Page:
A ‘chef’ robot has been trained by researchers at the University of Cambridge to assess the saltiness of a dish at different stages of the chewing process, mimicking a similar process in humans.
They think the findings could be useful in the development of automated or semi-automated food preparation by helping robots learn what tastes good and what doesn’t.
The robot chef, who was previously trained to make omelets based on feedback from human tasters, tasted nine different variations of a simple dish of scrambled eggs and tomatoes at three different stages of the chewing process, and produces “taste maps” of the different dishes.
The researchers found that this “taste as you go” approach significantly improved the robot’s ability to quickly and accurately assess the saltiness of the dish compared to other electronic tasting technologies, which only test a single sample. homogenized.
“Most home cooks are familiar with the concept of tasting as you go — checking a dish through the cooking process to see if the balance of flavors is right,” said Grzegorz Sochacki, the first author of the item. “If robots are to be used for certain aspects of food preparation, it is important that they are able to ‘taste’ what they are cooking.”
“When we taste, the chewing process also provides continuous feedback to our brain,” said co-author Dr. Arsen Abdulali. “Current electronic testing methods only take a single snapshot from a homogenized sample, so we wanted to replicate a more realistic chewing and tasting process in a robotic system, which should result in a tastier end product. “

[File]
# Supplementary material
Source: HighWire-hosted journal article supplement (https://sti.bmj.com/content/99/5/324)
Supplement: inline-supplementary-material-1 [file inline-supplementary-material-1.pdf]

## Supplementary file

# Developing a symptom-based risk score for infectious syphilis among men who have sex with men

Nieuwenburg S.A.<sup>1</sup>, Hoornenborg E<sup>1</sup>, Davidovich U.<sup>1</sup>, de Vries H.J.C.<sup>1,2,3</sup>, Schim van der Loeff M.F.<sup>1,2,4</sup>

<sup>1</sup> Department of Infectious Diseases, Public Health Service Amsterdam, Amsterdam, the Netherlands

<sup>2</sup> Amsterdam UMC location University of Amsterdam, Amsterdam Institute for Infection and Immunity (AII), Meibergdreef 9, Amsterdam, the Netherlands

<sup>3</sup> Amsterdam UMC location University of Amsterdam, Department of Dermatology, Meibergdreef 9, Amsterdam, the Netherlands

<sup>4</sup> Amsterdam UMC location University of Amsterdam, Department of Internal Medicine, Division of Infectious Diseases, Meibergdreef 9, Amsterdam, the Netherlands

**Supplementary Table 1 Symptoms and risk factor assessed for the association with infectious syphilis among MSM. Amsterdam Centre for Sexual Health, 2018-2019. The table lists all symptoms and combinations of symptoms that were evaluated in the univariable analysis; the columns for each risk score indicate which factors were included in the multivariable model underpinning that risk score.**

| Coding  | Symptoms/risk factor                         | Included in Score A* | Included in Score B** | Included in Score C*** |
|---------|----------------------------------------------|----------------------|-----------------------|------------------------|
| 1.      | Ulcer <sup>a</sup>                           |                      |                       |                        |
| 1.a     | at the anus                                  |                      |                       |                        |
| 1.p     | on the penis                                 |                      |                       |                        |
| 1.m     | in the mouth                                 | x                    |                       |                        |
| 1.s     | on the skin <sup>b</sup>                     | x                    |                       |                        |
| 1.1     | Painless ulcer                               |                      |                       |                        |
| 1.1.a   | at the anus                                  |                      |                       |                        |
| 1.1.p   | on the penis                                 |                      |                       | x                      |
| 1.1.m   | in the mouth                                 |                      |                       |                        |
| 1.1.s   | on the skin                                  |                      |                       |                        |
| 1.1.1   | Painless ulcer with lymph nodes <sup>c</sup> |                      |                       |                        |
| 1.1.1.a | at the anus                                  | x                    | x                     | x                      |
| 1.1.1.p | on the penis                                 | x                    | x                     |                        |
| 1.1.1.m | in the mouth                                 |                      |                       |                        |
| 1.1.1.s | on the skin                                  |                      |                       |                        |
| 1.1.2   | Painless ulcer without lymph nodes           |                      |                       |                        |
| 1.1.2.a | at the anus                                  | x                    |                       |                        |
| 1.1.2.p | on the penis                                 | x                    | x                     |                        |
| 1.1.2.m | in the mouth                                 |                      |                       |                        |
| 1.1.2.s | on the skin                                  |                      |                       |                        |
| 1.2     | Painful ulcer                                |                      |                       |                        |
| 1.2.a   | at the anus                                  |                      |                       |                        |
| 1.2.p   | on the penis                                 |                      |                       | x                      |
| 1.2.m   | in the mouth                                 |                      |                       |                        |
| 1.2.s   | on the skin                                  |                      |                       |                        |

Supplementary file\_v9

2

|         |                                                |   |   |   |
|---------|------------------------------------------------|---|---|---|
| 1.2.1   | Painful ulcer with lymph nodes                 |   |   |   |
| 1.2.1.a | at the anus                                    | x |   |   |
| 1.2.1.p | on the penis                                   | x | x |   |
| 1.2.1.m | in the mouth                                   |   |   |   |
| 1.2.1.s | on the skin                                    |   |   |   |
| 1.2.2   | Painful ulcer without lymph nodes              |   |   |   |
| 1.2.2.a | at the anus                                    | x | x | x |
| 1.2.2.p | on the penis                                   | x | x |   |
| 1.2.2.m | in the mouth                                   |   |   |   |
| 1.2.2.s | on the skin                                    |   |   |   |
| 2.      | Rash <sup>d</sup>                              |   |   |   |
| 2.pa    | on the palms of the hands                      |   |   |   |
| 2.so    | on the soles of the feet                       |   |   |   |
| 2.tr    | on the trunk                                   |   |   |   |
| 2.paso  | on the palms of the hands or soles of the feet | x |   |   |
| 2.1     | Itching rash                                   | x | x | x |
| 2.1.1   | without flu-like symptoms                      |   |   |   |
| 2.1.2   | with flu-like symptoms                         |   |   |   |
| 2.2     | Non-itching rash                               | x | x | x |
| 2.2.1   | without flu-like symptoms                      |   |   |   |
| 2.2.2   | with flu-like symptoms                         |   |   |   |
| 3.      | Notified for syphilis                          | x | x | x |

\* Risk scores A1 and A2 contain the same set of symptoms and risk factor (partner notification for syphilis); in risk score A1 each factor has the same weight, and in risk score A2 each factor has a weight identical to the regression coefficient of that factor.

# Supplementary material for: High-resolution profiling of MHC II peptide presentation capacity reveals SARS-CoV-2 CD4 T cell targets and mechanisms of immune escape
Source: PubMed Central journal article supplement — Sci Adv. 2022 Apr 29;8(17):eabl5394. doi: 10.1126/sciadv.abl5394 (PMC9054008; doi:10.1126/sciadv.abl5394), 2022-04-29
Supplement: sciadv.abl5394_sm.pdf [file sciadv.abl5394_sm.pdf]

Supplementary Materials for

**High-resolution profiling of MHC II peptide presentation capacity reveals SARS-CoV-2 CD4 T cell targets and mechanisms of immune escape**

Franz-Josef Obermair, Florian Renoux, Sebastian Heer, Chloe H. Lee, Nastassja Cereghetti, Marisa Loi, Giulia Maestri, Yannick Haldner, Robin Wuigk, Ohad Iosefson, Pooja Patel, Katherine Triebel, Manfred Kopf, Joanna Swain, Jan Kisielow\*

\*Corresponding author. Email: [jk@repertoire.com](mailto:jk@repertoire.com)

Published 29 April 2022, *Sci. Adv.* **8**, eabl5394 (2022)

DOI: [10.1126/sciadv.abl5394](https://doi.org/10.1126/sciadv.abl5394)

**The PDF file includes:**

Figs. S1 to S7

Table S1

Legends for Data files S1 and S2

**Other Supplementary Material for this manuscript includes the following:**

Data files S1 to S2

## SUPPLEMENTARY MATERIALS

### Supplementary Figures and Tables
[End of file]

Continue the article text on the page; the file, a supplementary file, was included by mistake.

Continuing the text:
To mimic the human chewing and tasting process in their robot chef, the researchers attached a conductance probe, which acts as a salinity sensor, to a robot arm. They made scrambled eggs and tomatoes, varying the number of tomatoes and the amount of salt in each dish.
Using the probe, the robot “tasted” the dishes like a grid, returning a reading in just seconds.
To mimic the change in texture caused by chewing, the team then put the egg mixture in a blender and had the robot test the dish again. The different readings at different “chew” points produced taste maps of each dish.
Their results showed a significant improvement in the robots’ ability to assess salinity compared to other electronic tasting methods, which are often time-consuming and provide only a single reading.
Although their technique is a proof of concept, the researchers said that by mimicking human chewing and tasting processes, the robots will eventually be able to produce foods that humans will enjoy and could be modified to suit individual tastes.
“When a robot learns to cook, like any other cook, it needs feedback on its performance,” Abdulali said. “We want robots to understand the concept of taste, which will make them better cooks. In our experiment, the robot can “see” the difference in the food as it is chewed, which improves its ability to taste. »
Dr Muhammad W Chughtai, Principal Scientist at Beko, who is collaborating on the project, said: “We believe the development of robotic chefs will play a major role in busy households and assisted living facilities in the future. This result is a leap forward in robotic cooking, and using machine and deep learning algorithms, the mastication will help robot chefs adjust the taste of different dishes and users.
In the future, the researchers are looking to improve the robot chef so that it can taste different types of food and improve its sensing capabilities so that it can taste sweet or fatty foods, for example.
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